Leaving the inlet and houses behind, we weaved through a cluster of small islands. What looked like tiny lily pads dotted the surface of the water in some places. A kingfisher cried out from a nearby perch. And I decided that, judging by our progress, we could easily make it to Schoodic Beach for lunch.

So we turned south and traveled into an area completely surrounded by conserved land. Ahead of us, two distinct mountains rose up on either side of the long, sandy Schoodic Beach. As the breeze pushed us toward our destination, I explained to my companions that Black Mountain was to the left and Schoodic Mountain to the right. I’d hiked both mountains a couple of times. Hiking trails on them actually visit the beach, so I’d already been there. But it was the first time I’d approached the beach from the water. It was an interesting perspective.

It took us about 3 miles of easy paddling to reach the beach, where we pulled our kayaks onto the sand and laid down towels to sit on while we ate our sandwiches. During the paddle, we passed by a loon. And as we loafed about on the warm sand, a bald eagle soared overhead. A few groups of people were on the beach, including a family that had arrived in a motor boat, some campers who were tenting there and hikers passing. But the beach was large enough for everyone to have their own space.

After lunch, we waded in the shallows and watched schools of small fish flow around our legs. Eventually I decided to sit down in the water so it rose up to my armpits. With temperatures in the mid-80s, it was a hot day for Maine. My clothing was all dry by the time we returned to the boat launch.

The paddle back was a little more challenging because the breeze had picked up and was pushing against us. We took a small detour to check out the two “Under the Mountain” campsites, where I spotted an interesting long-jawed orb weaver spider clinging to a blade of grass that was protruding from the water.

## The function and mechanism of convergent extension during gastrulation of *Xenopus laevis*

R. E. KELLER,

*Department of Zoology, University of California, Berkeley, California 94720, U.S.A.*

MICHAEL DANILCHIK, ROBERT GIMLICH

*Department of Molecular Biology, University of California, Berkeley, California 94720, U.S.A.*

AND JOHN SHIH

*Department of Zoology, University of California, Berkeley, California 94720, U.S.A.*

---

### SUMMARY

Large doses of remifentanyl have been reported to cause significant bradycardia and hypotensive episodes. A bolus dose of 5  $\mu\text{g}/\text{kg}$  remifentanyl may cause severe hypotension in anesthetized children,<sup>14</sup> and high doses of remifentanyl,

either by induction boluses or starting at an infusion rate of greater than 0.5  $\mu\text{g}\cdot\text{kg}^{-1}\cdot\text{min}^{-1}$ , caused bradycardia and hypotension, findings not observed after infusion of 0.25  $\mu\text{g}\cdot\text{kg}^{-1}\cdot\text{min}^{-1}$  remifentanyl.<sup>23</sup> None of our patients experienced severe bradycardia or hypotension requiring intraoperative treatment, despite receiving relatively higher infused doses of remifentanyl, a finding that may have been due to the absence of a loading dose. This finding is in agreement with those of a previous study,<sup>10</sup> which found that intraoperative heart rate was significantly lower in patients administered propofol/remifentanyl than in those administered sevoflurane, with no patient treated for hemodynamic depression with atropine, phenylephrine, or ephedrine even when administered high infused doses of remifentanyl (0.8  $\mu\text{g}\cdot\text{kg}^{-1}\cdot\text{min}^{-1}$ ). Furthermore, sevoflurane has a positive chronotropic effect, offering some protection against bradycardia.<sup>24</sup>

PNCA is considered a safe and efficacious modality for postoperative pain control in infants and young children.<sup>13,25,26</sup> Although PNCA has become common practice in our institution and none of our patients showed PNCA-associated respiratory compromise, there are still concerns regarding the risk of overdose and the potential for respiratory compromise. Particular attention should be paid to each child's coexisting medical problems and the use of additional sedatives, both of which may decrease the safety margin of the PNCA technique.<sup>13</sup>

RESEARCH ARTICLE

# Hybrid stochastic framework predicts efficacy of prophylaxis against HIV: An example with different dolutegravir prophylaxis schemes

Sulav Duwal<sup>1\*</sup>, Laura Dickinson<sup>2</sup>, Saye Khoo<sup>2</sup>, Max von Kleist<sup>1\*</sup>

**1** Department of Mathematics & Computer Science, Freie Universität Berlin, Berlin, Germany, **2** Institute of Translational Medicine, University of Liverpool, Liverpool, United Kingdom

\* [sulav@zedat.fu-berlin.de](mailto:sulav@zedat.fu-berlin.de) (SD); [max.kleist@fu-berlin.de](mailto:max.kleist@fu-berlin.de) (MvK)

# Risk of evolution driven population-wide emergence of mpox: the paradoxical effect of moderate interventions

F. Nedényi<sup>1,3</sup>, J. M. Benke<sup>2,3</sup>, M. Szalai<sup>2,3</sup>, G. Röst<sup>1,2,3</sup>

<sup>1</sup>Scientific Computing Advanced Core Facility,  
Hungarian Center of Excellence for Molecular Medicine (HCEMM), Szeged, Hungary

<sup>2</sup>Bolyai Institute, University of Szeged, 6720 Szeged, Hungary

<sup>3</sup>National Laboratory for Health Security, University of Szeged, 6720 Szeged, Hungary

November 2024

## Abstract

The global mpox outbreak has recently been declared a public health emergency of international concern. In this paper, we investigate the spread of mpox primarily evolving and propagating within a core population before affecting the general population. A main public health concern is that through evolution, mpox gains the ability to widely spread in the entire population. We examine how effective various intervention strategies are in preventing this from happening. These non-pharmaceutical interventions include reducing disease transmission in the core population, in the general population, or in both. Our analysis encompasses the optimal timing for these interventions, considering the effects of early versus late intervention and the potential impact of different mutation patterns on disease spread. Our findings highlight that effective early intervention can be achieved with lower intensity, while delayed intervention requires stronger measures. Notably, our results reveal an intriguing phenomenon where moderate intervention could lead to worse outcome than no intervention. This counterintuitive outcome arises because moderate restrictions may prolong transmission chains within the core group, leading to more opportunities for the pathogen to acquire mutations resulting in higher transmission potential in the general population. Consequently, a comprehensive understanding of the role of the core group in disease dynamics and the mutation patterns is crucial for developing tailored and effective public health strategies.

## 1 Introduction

As we re-entered the arm of the pond leading to the boat launch, we passed another loon — or maybe it was the same one? In recent years, loons have not been surveyed on the pond, but in the 1990s and early 2000s, multiple pairs of loons were regularly found living there by the Audubon Maine Loon Project, with an all-time high of 17 adult loons counted there in 2002.

By the end of the trip, Derek and I had resolved to return sometime soon to tent at one of the more remote sites and go snorkeling. As far as freshwater paddling locations go, it’s made it onto our list of favorites.

How to get there: From Ellsworth, head east on Route 1. About 4 miles out of downtown Ellsworth, you’ll come to Tideway Market in Hancock. Just after the market, turn left onto Route 182-Franklin Road. Drive 6 miles, then veer left onto Route 182-Blackwoods Road. Drive 1.4 miles, then turn right onto Donnell Pond Road. Drive 0.2 mile, then turn right to stay on Donnell Pond Road. Drive 1.4 miles and you’ll come to the boat launch and parking lot. Take note that there is a small parking area near the boat launch as well as a much larger parking area that branches off to your right (if you’re facing the pond).

Aislinn Sarnacki can be reached at asarnacki@bangordailynews.com. Follow her on Twitter: @1minhikegirl, and Instagram: @actoutdoors. Her guidebooks “Family Friendly Hikes in Maine,” “Maine Hikes Off the Beaten Path” and “Dog-Friendly Hikes in Maine” are available at local bookstores and wherever books are sold.

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Aislinn Sarnacki

Aislinn is a Bangor Daily News reporter for the Outdoors pages, focusing on outdoor recreation and Maine wildlife. Visit her main blog at actoutwithaislinn.bangordailynews.com.